So how do you pick which one to use? For me, the choice is easy. If I have only a few possible values that are not likely to change, I’ll use the if|else if|else construct. If I have a fair number (more than 3 and less than 16) and these values are not likely to change, I’ll use the switch statement. But if the values are likely to change or be data driven or if the number of values is greater than 15, I prefer to use a Dictionary.

Another highly valuable use of the Dictionary is when the values will kick off some action that may be lengthy or complicated. In that case, I prefer a Dictionary<T, ActionForT>. I can then retrieve the ActionForT and call the Execute method. Like this:

public class DownloadModel
{
  public Byte[] Contents { get; set; }
  public string FileName { get; set; }

  public string ContentType
  {
    get
    {
      string ext = Path.GetExtension(FileName).ToLower();
      if (ext == ".pdf")
        return "application/pdf";
      else if (ext == ".txt")
        return "application/txt";
      else  
        return "application/octet-stream";
    }
  }

  public void Save()
  {
    if (map.Count == 0) LoadMap();
    Action action = null;
    if (map.TryGetValue(Path.GetExtension(FileName).ToLower(), out action))
    {
      action(); //execute the action stored in our map
    }
    else
    {
      map["*.*"](); //execute the default action
    }
  }

  private void SavePdf()
  {
    throw new NotImplementedException();
  }

  private void SaveTxt()
  {
    throw new NotImplementedException();
  }

  private void SaveOther()
  {
    throw new NotImplementedException();
  }

  private void LoadMap()
  {
    map.Add(".pdf", new Action(SavePdf));
    map.Add(".txt", new Action(SaveTxt));
    map.Add("*.*", new Action(SaveOther));
  }

  private Dictionary<string, Action> map = new Dictionary<string, Action>();
}

C# Basics: Beware of Catch (Exception e)

In this third installment of C# Basics, let's take a look at exception handling. It is one the easiest things to do poorly in an application. In C# you can capture an error and do something with it as easily as this:

try
{
  //do something that may raise an exception
}
catch (Exception e)
{
  //do something with e--log it, modify a return value, etc.
  //if you want the caller of your code to have a crack at the same exception
  throw; //raise the exception again with throw; (almost NEVER throw e;)
}

But do try your best to NEVER catch the base Exception class. Be more specific, especially where you have to do something specific with a particular type of exception and allows others to rise up the call stack. Here’s just one example of being a bit more specific:

try
{
  //call a service that reads data from SQL Server
}
catch (SqlException se)
{
  if (se.Message.Contains("Timeout"))
  {
    //send a timeout log message to the DBA service
  }
  throw; //raise it up the stack to be handled by the caller
}

Of course, you can and ought to handle different exceptions differently where required. Here’s a brief example:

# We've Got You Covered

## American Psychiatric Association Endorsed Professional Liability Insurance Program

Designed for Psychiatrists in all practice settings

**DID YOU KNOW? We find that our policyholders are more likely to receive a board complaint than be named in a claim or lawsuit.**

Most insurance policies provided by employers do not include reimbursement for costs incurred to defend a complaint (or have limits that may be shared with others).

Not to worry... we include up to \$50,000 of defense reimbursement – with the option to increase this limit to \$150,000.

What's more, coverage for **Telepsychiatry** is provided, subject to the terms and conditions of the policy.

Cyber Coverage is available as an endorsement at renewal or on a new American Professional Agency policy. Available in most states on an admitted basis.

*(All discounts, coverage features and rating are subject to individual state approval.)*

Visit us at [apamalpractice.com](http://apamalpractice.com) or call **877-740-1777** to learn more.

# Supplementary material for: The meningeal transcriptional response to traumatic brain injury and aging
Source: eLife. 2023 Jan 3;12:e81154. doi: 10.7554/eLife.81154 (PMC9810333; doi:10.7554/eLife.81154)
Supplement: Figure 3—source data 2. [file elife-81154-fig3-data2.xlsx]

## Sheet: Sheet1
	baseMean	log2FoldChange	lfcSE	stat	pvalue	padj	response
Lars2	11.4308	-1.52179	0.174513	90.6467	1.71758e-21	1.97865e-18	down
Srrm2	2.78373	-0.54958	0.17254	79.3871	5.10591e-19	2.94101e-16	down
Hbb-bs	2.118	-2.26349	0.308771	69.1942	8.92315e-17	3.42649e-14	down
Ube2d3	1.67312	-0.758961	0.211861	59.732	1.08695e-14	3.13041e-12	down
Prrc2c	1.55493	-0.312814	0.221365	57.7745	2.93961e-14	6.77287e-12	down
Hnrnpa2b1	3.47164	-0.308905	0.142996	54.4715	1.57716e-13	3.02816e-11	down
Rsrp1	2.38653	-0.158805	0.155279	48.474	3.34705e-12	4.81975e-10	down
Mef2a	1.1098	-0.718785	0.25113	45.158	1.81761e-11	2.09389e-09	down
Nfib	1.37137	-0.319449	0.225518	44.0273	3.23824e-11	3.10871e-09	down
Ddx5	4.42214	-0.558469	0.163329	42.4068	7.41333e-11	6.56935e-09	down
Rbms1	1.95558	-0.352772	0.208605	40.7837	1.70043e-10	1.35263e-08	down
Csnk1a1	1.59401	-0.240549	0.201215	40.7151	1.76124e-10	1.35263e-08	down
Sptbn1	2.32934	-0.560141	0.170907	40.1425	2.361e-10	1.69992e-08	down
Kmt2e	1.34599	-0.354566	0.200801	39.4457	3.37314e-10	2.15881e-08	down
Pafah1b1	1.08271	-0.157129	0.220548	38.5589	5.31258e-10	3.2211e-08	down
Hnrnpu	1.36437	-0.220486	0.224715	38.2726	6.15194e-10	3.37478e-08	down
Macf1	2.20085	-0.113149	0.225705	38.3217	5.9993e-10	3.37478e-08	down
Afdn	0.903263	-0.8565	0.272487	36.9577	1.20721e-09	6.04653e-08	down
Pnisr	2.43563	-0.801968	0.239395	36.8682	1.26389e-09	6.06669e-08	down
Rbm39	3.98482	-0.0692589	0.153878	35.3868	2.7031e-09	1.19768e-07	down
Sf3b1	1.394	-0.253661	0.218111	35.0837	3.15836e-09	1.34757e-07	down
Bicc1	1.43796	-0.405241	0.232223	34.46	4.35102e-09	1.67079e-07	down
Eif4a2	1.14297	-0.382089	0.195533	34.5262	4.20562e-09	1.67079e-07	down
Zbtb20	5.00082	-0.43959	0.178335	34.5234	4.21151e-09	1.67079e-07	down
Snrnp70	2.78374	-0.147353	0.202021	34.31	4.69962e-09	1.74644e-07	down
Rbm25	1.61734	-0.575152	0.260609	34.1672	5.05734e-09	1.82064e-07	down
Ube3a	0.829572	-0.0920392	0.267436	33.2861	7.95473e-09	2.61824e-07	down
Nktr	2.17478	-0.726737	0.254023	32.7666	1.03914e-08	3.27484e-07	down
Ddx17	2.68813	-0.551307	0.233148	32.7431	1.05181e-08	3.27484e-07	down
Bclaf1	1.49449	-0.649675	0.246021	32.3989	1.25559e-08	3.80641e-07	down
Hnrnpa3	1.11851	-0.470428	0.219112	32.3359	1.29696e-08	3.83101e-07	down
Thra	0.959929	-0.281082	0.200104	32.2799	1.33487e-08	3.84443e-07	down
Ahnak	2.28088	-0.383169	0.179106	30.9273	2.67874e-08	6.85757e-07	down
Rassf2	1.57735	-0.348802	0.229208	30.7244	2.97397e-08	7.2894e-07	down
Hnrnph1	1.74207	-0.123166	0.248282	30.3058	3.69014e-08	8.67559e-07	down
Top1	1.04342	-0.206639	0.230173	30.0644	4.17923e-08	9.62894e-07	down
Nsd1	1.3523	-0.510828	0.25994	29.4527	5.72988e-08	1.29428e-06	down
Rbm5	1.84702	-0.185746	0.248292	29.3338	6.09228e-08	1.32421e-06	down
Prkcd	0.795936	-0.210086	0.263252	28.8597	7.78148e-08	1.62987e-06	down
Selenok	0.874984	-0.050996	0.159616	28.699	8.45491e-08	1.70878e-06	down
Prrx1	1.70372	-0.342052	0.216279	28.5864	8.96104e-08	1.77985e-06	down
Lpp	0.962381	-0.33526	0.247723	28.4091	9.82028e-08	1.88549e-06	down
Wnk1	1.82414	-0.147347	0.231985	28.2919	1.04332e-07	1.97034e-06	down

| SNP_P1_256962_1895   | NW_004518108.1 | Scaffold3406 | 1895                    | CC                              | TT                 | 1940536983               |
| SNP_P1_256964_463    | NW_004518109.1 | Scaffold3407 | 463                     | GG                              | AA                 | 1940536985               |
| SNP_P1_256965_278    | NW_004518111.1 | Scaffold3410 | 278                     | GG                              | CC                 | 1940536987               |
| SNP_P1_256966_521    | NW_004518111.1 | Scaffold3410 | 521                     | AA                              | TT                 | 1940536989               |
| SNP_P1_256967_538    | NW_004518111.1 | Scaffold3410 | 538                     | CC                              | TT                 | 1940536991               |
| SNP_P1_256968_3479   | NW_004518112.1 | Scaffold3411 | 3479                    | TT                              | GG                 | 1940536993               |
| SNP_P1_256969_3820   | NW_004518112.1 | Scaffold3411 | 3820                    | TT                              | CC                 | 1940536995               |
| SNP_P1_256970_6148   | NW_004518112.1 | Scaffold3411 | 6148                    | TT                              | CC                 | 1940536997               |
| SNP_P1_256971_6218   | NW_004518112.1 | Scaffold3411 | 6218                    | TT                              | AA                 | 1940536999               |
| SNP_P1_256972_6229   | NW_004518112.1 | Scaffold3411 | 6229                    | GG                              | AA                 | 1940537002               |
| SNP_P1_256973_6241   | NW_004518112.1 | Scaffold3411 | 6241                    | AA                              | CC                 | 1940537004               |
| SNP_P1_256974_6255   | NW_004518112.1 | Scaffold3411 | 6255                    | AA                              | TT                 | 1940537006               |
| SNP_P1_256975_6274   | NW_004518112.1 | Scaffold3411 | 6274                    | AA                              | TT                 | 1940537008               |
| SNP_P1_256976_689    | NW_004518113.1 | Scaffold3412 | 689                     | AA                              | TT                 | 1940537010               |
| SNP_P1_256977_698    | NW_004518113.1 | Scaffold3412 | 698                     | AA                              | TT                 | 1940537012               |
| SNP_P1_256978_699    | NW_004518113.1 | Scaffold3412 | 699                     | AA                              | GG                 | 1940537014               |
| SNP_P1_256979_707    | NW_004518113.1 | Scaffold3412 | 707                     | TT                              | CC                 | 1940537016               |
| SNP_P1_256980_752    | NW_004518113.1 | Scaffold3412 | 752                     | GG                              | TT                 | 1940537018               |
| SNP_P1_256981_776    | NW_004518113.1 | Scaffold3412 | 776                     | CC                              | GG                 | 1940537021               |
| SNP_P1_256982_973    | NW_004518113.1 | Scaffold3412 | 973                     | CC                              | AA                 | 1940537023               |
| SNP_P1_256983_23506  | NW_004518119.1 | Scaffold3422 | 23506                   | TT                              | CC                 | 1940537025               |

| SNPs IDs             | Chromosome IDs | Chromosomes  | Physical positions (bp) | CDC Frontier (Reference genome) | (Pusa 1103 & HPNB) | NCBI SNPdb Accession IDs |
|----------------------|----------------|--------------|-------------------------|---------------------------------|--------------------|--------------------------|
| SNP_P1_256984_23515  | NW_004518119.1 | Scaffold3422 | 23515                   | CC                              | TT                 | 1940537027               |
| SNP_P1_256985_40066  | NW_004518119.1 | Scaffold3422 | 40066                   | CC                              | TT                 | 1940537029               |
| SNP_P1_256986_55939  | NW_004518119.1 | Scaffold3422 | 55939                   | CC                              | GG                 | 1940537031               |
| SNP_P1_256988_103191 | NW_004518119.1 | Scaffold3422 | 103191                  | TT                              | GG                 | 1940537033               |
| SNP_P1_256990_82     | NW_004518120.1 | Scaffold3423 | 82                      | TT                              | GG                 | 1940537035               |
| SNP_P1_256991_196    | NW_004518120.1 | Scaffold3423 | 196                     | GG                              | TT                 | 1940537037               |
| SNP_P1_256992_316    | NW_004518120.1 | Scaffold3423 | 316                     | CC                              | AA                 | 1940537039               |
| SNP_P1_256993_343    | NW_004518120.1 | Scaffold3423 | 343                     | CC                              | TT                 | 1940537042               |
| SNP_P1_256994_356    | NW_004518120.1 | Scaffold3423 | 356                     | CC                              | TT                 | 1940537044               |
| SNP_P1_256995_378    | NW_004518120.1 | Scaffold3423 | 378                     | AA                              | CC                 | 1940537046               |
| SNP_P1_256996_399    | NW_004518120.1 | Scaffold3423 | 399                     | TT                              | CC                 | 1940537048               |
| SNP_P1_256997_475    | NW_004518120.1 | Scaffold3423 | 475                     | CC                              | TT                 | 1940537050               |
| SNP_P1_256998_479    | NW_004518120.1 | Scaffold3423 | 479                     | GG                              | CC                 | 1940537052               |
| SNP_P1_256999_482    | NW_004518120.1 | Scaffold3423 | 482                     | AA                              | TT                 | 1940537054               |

try
{
  //call a service that reads data from SQL Server
  //call another service that writes to a file
}
catch (SqlException se)
{
  if (se.Message.Contains("Timeout"))
  {
    //send a timeout log message to the DBA service
  }
  throw; //raise it up the stack to be handled by the caller
}
catch (IOException iox)
{
  //special handling or logging of IO exceptions
  Console.WriteLine(iox.Message);
}
catch (Exception e)
{
  //log a general exception and rethrow
  throw;
}

And don’t forget, you can create your own specialized exception classes. In fact, with Visual Studio you can use the code snippet for Exception. Just put your cursor in a C# file, outside of a class declaration, and start typing Exception and when you see the Intellisense prompt just hit TAB TAB. And you will have the following:

[Serializable]
public class MyException : Exception
{
	public MyException() { }
	public MyException(string message) : base(message) { }
	public MyException(string message, Exception inner) : base(message, inner) { }
	protected MyException(
	 System.Runtime.Serialization.SerializationInfo info,
	 System.Runtime.Serialization.StreamingContext context)
		: base(info, context) { }
}

Flesh out your own custom exception and raise and catch it just like a pro.

public void ShowExample(int count)
{
  if (count < 0) throw new MyException("Count cannot be less than zero.");
  // . . .
}

public void CallExample()
{
  try
  {
    ShowExample(-4);
  }
  catch (MyException me)
  {
    Console.WriteLine(me.Message);
  }
}

Of course, in the above example, you would more likely want to just throw a new ArgumentException. There is a very long list of commonly used exception classes in the .NET base class libraries. Spend some time on MSDN and get familiar with them. Here’s a brief but incomplete list of common exception classes you may want to catch or throw and then catch.

  • System.ArgumentException  
  • System.ArgumentNullException  
  • System.ArgumentOutOfRangeException  
  • System.ArithmeticException  
  • System.DivideByZeroException  
  • System.FormatException  
  • System.IndexOutOfRangeException  
  • System.InvalidOperationException  
  • System.IO.IOException  
  • System.IO.DirectoryNotFoundException  
  • System.IO.EndOfStreamException  
  • System.IO.FileLoadException  
  • System.IO.FileNotFoundException  
  • System.IO.PathTooLongException  
  • System.NotImplementedException  
  • System.NotSupportedException  
  • System.NullReferenceException  
  • System.OutOfMemoryException  
  • System.Security.SecurityException  
  • System.Security.VerificationException  
  • System.StackOverflowException  
  • System.Threading.SynchronizationLockException  
  • System.Threading.ThreadAbortException  
  • System.Threading.ThreadStateException  
  • System.TypeInitializationException  
  • System.UnauthorizedAccessException

C# Basics: The Conditional or Ternary Operator

For the second installment of C# Basics, let’s take a look at the conditional operator, sometimes known as the ternary operator. How many times have you written code like this:

if (a == b)
{
  x = y;
}
else
{
  x = z;
}

Probably never, at least not quite this simplistic or with such ancient style variable names, or one would hope anyway. But the example serves its purpose. Now use the conditional operator and convert that code to this:

x = (a == b) ? y : z;

You can read more about the conditional operator on MSDN here.